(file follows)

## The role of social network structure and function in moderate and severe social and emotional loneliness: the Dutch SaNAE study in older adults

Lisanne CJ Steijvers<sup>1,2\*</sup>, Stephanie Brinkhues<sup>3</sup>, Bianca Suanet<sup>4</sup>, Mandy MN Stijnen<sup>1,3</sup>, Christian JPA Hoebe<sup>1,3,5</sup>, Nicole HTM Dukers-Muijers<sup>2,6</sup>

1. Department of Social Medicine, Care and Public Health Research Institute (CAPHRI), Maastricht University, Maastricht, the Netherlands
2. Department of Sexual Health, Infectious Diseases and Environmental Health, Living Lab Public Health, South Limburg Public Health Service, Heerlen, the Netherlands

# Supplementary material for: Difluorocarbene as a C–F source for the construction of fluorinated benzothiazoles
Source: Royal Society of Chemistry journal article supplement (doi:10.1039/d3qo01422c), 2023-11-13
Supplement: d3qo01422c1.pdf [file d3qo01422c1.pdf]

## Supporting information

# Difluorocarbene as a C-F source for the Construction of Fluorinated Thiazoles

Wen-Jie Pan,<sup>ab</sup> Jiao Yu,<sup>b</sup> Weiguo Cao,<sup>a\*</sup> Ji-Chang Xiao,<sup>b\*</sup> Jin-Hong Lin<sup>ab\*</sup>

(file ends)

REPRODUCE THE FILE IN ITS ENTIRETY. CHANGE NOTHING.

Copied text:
## The role of social network structure and function in moderate and severe social and emotional loneliness: the Dutch SaNAE study in older adults

Lisanne CJ Steijvers<sup>1,2\*</sup>, Stephanie Brinkhues<sup>3</sup>, Bianca Suanet<sup>4</sup>, Mandy MN Stijnen<sup>1,3</sup>, Christian JPA Hoebe<sup>1,3,5</sup>, Nicole HTM Dukers-Muijers<sup>2,6</sup>

1. Department of Social Medicine, Care and Public Health Research Institute (CAPHRI), Maastricht University, Maastricht, the Netherlands
2. Department of Sexual Health, Infectious Diseases and Environmental Health, Living Lab Public Health, South Limburg Public Health Service, Heerlen, the Netherlands

# Supplementary material for: Difluorocarbene as a C–F source for the construction of fluorinated benzothiazoles
Source: Royal Society of Chemistry journal article supplement (doi:10.1039/d3qo01422c), 2023-11-13
Supplement: d3qo01422c1.pdf [file d3qo01422c1.pdf]

## Supporting information

# Difluorocarbene as a C-F source for the Construction of Fluorinated Thiazoles

Wen-Jie Pan,<sup>ab</sup> Jiao Yu,<sup>b</sup> Weiguo Cao,<sup>a\*</sup> Ji-Chang Xiao,<sup>b\*</sup> Jin-Hong Lin<sup>ab\*</sup>